I can't help but briefly state my view on Francis Ford Coppola's career, and I'm aware that it is an opinion that is quite common. Mr. Coppola went from being one the most innovative minds of his generation (creating classics like The Godfather, The Godfather Part II, The Conversation, and Apocalypse Now) before going crazy with money and making whatever project fell into his lap (Jack?). Since he returned to filmmaking in 2007 with Youth Without Youth, after a decade of absence, he has still decided to adopt an independent sensibility of shooting a film on impulse. The result is something that clearly seems to be missing the care that he put into his past work. Or so that is the conclusion I can reach after watching Tetro.
This black-and-white film features bad-boy Vincent Gallo as Tetro, a writer who has cut himself off from the rest of his family due to some secrets that Coppola tries to set on the grand scale of a tragedy. Well, outside of this turning into a holocaust film (which it doesn't), the deep dark secrets are not enough to warrant the awkwardness that the lead character exhibits toward not only his family but his friends. Coppola tries to make nothing short of an opera out of this tale and yet for all of the emotion and visually pleasing aesthetics, the story of Tetro and his family doesn't really deserve this large of a canvas.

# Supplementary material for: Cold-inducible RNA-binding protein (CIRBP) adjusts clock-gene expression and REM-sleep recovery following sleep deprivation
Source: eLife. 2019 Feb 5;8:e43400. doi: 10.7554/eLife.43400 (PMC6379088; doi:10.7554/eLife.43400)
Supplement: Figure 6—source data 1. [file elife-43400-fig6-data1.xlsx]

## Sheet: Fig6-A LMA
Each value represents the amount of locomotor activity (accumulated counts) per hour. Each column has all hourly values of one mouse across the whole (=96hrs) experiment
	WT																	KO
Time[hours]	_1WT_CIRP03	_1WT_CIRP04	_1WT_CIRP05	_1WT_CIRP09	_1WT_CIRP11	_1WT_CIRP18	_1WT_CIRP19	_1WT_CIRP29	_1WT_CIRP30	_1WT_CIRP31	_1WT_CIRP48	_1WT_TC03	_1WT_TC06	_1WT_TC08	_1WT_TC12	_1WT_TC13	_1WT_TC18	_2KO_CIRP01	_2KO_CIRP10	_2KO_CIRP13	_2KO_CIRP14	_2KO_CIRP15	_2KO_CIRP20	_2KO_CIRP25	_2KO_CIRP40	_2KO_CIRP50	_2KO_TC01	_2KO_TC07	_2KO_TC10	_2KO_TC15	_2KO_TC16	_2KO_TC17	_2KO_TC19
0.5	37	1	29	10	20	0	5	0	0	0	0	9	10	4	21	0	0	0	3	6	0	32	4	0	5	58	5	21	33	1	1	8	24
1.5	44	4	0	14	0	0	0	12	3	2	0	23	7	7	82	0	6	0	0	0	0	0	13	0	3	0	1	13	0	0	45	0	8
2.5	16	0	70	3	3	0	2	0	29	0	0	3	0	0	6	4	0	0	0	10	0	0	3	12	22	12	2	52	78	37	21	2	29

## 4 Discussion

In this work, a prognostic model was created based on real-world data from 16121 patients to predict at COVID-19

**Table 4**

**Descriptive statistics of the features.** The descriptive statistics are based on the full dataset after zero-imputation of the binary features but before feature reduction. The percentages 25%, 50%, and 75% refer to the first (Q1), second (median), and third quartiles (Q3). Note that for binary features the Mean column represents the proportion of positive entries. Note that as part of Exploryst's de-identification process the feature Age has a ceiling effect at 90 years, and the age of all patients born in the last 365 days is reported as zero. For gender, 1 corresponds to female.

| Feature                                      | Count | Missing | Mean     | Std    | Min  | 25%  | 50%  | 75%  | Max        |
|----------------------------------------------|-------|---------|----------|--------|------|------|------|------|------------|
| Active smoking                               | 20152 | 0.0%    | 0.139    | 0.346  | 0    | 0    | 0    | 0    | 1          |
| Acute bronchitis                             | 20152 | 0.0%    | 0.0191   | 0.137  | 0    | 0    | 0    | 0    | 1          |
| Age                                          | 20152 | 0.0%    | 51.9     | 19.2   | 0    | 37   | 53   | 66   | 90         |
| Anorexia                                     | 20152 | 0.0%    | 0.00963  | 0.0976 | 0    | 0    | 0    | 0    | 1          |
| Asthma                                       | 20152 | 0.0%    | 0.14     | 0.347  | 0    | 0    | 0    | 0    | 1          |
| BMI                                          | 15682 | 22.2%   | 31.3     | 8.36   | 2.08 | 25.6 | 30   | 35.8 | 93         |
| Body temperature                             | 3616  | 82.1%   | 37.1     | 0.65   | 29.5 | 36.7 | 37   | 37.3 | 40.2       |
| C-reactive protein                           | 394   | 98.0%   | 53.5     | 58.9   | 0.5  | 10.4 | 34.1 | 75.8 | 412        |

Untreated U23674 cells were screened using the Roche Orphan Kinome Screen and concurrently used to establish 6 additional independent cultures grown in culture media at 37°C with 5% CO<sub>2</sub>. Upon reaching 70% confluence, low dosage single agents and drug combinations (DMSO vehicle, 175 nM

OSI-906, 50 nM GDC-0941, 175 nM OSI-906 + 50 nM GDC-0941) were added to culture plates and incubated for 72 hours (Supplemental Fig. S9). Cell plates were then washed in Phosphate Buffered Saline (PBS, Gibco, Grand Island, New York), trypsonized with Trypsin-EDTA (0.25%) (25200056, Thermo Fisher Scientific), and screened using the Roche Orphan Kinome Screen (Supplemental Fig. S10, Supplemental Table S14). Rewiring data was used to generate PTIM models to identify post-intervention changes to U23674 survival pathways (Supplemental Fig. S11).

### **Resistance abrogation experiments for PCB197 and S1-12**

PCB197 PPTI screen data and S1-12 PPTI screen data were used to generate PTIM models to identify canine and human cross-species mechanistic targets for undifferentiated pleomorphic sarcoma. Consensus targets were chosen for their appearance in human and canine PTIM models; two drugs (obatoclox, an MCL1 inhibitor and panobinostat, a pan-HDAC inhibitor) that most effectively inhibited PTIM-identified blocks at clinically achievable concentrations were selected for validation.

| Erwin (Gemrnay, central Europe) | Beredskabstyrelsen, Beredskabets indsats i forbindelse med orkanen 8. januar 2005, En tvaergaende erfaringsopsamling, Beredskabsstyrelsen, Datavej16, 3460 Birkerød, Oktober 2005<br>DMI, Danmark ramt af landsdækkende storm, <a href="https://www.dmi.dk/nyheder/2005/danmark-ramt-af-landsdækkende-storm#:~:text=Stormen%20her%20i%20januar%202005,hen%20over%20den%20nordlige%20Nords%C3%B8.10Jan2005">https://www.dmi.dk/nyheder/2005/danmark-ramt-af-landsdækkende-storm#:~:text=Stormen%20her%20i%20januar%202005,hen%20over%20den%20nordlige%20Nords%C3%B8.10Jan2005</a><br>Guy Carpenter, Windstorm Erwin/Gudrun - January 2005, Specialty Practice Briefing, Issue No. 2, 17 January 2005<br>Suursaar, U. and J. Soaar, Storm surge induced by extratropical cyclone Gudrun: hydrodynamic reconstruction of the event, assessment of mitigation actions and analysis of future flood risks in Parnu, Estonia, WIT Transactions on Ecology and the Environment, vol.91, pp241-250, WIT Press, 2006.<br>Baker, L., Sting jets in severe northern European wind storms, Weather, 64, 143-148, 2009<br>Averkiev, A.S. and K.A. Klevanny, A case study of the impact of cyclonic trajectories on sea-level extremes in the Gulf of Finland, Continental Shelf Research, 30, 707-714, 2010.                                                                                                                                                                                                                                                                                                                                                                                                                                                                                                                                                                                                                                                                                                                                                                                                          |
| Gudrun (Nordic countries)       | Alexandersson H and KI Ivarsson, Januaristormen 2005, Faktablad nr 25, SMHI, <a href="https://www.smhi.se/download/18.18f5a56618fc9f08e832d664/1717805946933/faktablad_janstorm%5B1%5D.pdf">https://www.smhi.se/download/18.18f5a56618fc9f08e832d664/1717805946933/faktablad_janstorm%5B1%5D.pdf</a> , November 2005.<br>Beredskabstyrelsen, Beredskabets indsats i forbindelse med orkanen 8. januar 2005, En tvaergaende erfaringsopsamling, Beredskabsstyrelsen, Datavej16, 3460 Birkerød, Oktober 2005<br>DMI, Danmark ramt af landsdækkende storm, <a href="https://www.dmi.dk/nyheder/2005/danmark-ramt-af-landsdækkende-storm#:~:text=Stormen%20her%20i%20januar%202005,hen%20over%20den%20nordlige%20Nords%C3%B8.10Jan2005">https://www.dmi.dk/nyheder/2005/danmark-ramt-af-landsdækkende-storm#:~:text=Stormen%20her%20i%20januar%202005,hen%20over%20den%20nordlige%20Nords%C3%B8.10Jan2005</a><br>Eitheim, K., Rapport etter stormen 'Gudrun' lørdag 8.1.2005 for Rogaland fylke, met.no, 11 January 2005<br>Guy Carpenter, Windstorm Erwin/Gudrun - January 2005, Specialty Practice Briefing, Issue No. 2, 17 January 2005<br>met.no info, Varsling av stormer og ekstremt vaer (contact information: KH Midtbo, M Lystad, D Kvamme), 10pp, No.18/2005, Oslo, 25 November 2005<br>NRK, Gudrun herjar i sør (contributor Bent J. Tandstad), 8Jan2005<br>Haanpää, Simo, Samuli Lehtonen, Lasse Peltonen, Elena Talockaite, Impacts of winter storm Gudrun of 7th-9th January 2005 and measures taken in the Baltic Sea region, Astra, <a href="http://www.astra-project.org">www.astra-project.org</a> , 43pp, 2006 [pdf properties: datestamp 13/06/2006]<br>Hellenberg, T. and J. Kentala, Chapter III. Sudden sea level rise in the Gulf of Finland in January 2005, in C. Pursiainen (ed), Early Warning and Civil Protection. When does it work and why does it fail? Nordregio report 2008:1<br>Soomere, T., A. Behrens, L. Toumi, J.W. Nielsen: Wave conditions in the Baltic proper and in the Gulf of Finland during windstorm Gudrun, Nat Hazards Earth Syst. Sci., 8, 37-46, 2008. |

The bright side is that a young actor seems to have found his break-out. Alden Ehrenreich has a certain echo of Leonardo DiCaprio from his Titanic days in his role as Tetro's younger brother. Past that, if you saw the trailer and thought this looked like a student film, well it appears that Coppola has gone back to the stereotypical film school; dark and moody tales that are really quite amateur when this is a filmmaker who can clearly delve deeper into the human psyche.